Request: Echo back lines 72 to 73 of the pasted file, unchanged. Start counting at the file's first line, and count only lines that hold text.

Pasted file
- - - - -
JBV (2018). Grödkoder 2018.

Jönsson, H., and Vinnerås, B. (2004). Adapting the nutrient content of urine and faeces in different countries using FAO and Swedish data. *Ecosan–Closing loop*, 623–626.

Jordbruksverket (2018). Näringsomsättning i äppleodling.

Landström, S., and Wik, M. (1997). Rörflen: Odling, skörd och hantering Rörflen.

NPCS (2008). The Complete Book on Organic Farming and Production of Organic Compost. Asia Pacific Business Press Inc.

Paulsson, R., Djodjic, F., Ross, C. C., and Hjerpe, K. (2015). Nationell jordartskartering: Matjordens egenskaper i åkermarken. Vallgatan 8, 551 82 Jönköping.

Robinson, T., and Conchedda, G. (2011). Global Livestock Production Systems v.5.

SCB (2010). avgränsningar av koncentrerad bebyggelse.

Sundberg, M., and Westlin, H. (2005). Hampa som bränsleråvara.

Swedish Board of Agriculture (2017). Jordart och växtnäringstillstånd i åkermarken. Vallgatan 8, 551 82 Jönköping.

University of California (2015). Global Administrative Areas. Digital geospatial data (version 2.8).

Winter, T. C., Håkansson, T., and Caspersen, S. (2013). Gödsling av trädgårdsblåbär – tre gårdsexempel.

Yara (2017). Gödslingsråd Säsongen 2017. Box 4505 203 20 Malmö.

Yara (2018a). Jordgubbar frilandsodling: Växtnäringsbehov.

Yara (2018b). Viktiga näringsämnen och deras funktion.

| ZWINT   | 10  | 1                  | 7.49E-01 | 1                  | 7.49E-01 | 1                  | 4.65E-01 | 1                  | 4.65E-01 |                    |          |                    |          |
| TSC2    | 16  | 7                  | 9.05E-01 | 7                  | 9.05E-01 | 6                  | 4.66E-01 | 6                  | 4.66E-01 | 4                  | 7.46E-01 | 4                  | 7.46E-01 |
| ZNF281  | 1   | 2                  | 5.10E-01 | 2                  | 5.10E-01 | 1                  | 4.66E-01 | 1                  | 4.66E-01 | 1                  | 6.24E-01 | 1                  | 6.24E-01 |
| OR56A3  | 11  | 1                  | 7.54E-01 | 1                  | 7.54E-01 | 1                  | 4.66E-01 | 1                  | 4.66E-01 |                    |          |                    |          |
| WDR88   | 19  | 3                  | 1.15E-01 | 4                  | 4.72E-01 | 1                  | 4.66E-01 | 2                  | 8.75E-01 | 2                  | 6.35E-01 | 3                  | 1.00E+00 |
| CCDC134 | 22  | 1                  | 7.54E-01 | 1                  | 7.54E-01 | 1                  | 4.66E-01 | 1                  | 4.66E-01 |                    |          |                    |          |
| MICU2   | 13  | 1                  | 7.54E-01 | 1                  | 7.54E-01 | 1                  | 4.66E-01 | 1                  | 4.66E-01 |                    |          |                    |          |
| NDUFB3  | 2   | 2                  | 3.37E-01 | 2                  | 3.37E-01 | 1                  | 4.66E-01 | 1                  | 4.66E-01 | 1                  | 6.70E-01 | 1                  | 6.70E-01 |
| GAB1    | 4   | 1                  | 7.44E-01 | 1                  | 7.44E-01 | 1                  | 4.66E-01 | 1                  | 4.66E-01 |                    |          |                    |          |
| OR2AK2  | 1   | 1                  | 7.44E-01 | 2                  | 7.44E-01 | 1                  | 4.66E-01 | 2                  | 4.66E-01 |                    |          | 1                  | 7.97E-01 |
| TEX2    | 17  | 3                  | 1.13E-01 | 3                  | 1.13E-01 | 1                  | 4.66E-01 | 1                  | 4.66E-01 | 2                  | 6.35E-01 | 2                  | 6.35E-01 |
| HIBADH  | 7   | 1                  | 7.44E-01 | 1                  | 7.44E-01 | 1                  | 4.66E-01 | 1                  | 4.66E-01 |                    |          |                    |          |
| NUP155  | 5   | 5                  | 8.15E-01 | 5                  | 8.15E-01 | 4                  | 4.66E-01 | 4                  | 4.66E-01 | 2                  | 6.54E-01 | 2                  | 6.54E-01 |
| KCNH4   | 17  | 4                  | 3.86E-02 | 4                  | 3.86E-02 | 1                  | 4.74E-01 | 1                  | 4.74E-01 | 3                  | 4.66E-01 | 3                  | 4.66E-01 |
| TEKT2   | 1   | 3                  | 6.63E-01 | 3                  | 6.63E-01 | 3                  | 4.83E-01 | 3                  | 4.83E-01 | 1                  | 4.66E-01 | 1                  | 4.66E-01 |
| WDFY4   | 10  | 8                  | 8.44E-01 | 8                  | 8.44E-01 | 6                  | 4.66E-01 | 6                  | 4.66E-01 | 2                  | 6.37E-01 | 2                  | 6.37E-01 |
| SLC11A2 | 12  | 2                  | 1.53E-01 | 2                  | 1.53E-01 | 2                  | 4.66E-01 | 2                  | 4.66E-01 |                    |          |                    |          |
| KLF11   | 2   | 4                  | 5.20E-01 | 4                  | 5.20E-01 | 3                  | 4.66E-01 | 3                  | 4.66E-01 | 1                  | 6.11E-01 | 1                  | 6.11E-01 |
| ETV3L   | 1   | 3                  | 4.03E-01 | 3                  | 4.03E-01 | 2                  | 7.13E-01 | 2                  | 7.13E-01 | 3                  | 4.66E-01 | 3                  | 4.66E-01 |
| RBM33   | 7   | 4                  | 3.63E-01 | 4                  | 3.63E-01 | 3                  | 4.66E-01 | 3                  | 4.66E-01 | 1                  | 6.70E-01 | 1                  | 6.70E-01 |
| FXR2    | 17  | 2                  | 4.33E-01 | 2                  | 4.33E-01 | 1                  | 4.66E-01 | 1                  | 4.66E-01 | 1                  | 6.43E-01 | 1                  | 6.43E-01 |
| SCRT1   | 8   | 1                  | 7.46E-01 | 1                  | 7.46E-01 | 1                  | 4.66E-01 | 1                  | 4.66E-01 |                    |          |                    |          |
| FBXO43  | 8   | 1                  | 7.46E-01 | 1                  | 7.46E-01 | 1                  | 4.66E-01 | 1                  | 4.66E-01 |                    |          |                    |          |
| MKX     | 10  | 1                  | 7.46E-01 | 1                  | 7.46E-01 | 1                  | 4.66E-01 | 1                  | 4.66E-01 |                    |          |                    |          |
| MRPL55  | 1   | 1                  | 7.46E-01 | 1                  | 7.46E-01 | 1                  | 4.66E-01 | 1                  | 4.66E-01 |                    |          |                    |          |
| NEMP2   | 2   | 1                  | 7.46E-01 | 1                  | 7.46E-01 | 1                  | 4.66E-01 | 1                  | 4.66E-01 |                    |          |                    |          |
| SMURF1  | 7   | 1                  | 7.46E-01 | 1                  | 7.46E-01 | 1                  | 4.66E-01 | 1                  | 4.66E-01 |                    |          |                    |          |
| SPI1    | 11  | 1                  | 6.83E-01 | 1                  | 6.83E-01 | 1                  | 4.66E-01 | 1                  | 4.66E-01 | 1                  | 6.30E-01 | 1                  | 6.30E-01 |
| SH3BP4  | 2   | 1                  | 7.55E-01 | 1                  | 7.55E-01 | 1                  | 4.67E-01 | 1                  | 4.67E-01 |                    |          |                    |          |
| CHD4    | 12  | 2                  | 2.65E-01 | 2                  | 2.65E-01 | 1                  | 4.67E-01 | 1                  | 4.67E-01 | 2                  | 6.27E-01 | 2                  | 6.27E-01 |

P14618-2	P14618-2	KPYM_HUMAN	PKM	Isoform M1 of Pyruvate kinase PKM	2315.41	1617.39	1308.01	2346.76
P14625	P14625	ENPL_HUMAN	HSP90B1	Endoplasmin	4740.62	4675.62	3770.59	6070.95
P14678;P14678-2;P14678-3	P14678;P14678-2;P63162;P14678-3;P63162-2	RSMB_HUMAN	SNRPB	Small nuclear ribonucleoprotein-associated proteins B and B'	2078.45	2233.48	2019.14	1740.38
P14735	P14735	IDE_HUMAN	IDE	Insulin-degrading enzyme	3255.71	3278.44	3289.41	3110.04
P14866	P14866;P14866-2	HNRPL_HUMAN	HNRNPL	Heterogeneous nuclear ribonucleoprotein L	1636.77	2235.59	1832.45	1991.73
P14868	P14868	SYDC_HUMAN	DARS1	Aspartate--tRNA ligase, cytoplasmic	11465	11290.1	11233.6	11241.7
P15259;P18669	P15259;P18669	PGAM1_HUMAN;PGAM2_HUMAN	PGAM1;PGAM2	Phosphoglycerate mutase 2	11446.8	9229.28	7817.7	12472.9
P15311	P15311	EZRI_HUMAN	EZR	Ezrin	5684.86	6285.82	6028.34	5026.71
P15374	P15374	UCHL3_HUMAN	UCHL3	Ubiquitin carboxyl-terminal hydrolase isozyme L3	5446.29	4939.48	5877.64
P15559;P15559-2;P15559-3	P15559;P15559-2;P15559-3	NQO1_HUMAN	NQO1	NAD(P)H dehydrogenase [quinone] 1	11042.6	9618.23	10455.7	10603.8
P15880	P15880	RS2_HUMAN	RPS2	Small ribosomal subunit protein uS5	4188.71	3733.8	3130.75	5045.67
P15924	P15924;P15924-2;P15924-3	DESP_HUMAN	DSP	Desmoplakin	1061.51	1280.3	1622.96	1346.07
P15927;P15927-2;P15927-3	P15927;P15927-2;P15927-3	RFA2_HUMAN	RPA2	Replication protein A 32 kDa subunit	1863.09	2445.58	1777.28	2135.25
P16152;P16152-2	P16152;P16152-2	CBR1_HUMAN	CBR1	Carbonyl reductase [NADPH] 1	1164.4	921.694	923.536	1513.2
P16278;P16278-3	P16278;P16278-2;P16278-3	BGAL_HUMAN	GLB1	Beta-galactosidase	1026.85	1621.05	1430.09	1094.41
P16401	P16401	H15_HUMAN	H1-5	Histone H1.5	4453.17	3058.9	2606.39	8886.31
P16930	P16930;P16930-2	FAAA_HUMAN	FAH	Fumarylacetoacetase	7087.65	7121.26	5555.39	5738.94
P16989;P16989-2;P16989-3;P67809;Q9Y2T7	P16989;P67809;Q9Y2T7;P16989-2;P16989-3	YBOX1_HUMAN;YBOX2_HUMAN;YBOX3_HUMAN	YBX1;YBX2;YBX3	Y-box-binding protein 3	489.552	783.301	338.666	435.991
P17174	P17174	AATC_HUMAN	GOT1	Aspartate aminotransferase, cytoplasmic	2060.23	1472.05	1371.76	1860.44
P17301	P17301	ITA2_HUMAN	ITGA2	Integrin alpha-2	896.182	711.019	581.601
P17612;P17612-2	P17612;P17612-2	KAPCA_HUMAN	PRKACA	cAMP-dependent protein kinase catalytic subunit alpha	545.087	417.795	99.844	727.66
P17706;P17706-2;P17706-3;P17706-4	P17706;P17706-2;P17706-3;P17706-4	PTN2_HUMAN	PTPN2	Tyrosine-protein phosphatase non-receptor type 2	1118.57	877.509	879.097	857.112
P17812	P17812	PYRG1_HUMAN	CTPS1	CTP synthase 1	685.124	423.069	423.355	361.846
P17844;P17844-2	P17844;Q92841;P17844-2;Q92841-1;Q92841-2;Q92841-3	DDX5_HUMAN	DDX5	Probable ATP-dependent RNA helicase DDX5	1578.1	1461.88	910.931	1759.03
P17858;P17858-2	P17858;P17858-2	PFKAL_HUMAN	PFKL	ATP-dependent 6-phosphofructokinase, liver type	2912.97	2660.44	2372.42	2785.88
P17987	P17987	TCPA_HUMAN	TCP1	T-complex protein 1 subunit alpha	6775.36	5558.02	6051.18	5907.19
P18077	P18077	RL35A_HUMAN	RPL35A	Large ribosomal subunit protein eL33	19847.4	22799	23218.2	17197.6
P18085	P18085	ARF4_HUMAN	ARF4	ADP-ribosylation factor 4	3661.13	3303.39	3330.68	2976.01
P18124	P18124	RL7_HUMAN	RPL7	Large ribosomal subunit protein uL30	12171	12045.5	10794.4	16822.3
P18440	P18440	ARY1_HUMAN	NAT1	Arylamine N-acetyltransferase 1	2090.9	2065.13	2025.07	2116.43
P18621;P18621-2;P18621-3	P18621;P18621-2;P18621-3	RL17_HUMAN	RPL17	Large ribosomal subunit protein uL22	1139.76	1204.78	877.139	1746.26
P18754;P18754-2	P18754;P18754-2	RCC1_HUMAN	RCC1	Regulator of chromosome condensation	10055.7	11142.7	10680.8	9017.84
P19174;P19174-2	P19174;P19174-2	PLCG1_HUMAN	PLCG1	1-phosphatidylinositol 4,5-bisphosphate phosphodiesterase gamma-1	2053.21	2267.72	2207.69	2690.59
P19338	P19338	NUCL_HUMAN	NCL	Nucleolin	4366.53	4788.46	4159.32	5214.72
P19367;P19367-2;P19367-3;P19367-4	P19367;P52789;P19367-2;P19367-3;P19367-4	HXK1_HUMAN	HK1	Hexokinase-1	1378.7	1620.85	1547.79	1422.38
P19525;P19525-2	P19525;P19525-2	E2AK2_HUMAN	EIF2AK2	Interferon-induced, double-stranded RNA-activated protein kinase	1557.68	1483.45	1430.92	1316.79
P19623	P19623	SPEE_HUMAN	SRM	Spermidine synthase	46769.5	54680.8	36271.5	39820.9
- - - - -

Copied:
P18077	P18077	RL35A_HUMAN	RPL35A	Large ribosomal subunit protein eL33	19847.4	22799	23218.2	17197.6
P18085	P18085	ARF4_HUMAN	ARF4	ADP-ribosylation factor 4	3661.13	3303.39	3330.68	2976.01